- The Washington Times - Sunday, October 7, 2001

Eleven years ago this past Friday, a flashy, long-haired 18-year-old rookie right wing from Kladno, Czechoslovakia, played in his first NHL game for the eventual Stanley Cup champion Pittsburgh Penguins. The opponent that night at Capital Centre was the Washington Capitals. Some 1,079 points and one trade later, Jaromir Jagr made his Caps debut last night at MCI Center.
Jagr didn't score in that 1990 game, but he did last night, grabbing a loose puck in front of New Jersey's net and jamming the puck past Devils goalie Martin Brodeur at 6:44 of the second period to give the Caps a 3-1 lead.
The goal was the 440th of Jagr's magnificent career and came on just his second shot in a Washington uniform after Adam Oates had won a faceoff in the left circle and Dainius Zubrus kept the puck alive. The smiling Jagr whipped off his right glove, kissed two fingers and raised them skyward.
"I have a lot of goals in the league, but I was kind of nervous before the game, and I was kind of shaky in the first period," Jagr said after the 6-1 victory. "It's always nice to score a goal. Then you can relax and play your game. I was in the right place, and Zuby made a nice play."
Brodeur foiled Jagr on a partial breakaway late in the period, but Washington still raised its advantage over the two-time defending Eastern Conference champions to 4-1 on that shift as Sergei Gonchar rammed home the puck, with Jagr and Oates getting assists.
"Jaromir's presence makes you feel confident," said Caps coach Ron Wilson, who replaced Andrei Nikolshin with 2000-01 NHL assists king Adam Oates between Jagr and Zubrus after the plodding first period. "We kind of adjusted on the fly, and we'll be continuing to experiment until we find the right [combinations]. Jaromir played very well. Once we put Oatsie in the middle between Zuby and Jags, he settled down and started to see the puck a little bit more. He made some great plays."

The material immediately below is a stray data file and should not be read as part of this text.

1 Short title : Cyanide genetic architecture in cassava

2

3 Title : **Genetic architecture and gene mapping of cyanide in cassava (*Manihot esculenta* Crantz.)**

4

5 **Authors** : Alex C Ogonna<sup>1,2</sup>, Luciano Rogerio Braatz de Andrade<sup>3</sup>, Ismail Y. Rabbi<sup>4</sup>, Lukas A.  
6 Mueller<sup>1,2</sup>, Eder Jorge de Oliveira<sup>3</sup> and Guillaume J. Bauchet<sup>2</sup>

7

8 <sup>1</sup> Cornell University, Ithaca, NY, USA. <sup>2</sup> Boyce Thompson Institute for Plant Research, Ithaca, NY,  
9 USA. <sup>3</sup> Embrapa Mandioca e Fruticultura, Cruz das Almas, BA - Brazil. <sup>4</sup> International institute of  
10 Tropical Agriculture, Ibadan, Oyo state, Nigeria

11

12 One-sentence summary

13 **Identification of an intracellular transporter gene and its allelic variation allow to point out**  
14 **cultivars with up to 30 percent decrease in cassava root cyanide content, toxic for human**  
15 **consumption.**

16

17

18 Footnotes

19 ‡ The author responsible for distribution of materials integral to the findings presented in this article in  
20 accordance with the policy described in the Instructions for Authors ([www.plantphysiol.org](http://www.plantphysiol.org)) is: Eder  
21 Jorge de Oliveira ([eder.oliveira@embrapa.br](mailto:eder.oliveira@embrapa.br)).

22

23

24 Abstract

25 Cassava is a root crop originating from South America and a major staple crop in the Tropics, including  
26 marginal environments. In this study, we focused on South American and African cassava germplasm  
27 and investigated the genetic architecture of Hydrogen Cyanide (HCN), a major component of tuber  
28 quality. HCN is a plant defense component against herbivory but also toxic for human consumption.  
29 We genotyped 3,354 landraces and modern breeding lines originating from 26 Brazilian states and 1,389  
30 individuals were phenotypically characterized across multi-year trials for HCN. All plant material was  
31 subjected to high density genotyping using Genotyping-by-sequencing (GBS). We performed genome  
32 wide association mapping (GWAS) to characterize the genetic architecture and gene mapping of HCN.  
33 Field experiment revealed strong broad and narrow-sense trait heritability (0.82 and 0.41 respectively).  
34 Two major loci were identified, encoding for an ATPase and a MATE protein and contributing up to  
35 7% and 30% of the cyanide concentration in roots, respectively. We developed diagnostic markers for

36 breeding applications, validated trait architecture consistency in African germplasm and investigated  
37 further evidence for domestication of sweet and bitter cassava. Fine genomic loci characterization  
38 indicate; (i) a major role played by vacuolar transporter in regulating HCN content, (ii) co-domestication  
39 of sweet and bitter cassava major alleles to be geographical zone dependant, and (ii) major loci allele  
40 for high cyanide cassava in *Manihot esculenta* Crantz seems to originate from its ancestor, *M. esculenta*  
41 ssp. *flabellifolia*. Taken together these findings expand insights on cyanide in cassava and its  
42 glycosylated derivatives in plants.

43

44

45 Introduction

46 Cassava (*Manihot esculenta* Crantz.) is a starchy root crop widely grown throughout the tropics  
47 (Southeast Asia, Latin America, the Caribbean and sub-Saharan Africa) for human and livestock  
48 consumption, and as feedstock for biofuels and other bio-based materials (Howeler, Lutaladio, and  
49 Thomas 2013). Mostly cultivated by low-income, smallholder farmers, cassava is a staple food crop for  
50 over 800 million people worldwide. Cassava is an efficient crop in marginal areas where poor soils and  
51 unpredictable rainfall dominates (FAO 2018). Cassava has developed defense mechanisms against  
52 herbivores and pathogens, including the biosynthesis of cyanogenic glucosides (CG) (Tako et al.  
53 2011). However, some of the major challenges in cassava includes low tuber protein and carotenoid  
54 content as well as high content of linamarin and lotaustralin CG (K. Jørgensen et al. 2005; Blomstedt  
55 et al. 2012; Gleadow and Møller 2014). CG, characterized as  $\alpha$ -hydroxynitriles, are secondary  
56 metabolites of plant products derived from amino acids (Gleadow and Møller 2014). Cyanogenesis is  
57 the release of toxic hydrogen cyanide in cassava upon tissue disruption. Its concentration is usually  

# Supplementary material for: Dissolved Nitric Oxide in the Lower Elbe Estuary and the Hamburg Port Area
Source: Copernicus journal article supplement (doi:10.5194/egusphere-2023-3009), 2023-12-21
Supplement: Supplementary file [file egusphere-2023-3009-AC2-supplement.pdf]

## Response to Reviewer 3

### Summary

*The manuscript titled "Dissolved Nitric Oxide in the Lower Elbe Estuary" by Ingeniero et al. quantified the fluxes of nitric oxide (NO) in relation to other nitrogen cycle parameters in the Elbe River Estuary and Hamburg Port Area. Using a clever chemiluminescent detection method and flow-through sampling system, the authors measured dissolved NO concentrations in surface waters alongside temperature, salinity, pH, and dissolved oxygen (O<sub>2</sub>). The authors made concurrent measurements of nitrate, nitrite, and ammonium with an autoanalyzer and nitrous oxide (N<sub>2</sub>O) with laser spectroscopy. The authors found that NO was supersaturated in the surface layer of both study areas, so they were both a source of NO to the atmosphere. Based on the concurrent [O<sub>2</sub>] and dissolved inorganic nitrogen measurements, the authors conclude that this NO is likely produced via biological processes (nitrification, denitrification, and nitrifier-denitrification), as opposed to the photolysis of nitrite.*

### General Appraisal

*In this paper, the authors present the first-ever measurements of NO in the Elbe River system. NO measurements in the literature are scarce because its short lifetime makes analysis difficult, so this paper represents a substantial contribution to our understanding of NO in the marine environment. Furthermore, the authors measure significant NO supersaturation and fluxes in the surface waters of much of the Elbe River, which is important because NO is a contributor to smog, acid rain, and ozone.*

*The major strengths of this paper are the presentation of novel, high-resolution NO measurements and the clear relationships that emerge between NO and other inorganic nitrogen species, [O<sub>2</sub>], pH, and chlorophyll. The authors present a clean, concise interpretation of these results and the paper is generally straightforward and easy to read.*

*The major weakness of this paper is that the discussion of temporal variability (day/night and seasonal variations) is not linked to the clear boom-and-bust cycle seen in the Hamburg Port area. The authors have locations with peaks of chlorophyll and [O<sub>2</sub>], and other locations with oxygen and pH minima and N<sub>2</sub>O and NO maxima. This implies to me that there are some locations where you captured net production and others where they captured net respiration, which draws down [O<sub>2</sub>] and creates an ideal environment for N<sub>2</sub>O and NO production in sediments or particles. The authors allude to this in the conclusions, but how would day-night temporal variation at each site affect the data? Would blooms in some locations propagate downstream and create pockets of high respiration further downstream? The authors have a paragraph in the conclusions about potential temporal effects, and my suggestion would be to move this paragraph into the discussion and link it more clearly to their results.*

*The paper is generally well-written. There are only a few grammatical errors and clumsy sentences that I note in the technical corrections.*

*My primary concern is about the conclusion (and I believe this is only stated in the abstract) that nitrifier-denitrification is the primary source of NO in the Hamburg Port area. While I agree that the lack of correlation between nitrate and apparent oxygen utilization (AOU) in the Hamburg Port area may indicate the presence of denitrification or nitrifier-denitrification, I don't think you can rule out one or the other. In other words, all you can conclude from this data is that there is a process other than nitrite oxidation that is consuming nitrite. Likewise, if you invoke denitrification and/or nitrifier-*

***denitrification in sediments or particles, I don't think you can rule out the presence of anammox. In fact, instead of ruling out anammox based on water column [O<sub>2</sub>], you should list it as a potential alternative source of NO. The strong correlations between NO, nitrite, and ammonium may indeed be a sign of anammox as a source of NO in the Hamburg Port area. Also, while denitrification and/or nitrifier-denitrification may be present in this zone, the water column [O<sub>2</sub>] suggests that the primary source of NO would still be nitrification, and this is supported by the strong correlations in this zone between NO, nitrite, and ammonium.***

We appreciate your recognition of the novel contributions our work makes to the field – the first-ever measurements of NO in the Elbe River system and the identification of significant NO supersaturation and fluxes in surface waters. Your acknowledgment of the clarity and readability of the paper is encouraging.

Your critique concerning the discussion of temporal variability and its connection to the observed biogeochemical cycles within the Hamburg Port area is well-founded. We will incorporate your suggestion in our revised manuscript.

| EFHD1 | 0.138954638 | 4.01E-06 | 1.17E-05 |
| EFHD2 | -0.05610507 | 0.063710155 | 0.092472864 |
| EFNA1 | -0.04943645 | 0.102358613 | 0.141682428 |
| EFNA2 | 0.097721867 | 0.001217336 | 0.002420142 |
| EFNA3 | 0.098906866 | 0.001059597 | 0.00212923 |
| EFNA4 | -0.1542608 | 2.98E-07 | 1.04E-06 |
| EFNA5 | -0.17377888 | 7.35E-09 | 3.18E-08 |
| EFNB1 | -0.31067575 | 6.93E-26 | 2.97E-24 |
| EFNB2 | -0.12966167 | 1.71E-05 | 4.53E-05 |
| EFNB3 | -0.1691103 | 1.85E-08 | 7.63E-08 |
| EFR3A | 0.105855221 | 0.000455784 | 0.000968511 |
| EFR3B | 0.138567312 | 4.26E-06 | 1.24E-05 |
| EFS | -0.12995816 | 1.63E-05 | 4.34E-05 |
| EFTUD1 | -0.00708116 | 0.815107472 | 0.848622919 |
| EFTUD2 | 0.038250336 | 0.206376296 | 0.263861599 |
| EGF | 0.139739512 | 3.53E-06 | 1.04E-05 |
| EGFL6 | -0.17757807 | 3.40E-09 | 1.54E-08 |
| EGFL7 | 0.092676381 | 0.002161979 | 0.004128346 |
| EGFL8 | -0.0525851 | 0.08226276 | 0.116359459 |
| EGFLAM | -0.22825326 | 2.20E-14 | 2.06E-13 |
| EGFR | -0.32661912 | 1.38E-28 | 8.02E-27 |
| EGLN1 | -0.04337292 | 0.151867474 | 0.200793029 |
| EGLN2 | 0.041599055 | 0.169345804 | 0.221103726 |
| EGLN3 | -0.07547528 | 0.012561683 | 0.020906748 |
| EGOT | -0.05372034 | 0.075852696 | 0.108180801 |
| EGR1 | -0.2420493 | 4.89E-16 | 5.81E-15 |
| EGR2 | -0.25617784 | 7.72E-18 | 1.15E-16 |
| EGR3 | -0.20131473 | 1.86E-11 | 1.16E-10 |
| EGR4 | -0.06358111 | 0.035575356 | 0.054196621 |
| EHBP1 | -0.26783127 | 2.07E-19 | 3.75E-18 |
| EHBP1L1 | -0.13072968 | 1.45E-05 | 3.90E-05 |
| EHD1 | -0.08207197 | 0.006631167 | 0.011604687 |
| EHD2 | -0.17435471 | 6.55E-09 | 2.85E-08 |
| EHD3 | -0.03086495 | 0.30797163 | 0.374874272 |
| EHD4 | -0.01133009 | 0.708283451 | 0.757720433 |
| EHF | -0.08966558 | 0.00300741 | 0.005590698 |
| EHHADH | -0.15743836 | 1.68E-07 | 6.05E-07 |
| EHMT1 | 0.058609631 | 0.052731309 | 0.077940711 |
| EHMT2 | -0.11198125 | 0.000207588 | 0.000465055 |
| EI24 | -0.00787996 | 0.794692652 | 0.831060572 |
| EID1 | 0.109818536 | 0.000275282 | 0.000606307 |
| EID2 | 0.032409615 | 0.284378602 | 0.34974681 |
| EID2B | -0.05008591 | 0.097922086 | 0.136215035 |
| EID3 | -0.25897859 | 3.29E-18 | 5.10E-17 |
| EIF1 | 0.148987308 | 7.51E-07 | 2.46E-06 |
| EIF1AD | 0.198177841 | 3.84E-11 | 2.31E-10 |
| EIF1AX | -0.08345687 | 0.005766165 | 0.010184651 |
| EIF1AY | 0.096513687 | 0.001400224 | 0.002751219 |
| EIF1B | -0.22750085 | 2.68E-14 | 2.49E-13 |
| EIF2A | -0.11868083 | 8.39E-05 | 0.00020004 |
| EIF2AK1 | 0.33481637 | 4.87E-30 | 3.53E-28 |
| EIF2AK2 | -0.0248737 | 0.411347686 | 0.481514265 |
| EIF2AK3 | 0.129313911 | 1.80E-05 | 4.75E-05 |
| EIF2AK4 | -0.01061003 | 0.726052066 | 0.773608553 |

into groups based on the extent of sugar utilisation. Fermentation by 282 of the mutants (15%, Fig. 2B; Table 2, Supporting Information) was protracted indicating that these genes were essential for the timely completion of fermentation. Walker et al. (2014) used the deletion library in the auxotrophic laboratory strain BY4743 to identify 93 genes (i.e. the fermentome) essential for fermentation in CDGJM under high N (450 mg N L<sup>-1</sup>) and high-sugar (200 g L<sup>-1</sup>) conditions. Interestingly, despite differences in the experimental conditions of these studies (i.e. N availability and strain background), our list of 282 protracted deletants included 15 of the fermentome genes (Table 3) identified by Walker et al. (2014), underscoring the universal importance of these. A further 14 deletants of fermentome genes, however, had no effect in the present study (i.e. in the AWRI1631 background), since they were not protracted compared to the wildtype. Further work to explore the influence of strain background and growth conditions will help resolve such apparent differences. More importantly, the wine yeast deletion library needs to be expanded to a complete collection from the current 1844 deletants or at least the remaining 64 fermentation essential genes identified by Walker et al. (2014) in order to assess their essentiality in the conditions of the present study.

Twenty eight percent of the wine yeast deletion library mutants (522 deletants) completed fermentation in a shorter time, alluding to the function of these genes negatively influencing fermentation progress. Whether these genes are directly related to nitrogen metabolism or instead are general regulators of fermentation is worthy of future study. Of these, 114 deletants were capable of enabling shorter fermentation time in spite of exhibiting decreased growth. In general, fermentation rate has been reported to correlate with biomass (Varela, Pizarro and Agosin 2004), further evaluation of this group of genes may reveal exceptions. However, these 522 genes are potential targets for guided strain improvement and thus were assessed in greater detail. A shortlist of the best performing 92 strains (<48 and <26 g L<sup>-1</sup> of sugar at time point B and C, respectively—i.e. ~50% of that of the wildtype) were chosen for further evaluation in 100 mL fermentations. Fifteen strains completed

Along with longtime Washington standouts Peter Bondra and Olie Kolzig, Jagr received the loudest cheers when the team was introduced just before the opening faceoff. Jagr's first shift, 30 seconds into the game, was inconsequential, but 4:48 into the action, he had Brodeur scrambling to thwart him at the right post. Jagr played 6:41 of the first period, the most by a forward on either team, even though Washington didn't have a power play.
The five-time scoring champion acquired July 11 in a deal for three prospects largely because the Penguins couldn't afford himbrings amazing offensive skills to a team long known for a hard-working, defensive style.
Washington finished in the top 10 in goals just twice during Jagr's first 11 seasons. Among active players, only Jagr's former teammate, Mario Lemieux (1.992 points per game), and Eric Lindros of the New York Rangers (1.356) have averaged more points than Jagr's 1.339.
The Caps know all too well what Jagr can do to an enemy defense. He had 25 goals and 41 assists in 51 regular-season games against Washington and was a key figure in the Penguins' six victories in seven playoff series with the Caps.
All of Jagr's new teammates combined for seven 30-goal seasons (six by Bondra, one by Trevor Linden) during the past eight years. Jagr reached that level every year.
"Our signature has always been defense, great effort," said Bondra, whose 305 goals the past eight seasons were second in the NHL to Jagr's 346. "We have to keep working hard, but we're lucky to have a player like Jaromir. Hopefully, his presence will create more opportunities for the rest of us.
"All those years watching Pittsburgh's power play, you imagine what it would be like to play with a guy like Jaromir and now we have him."

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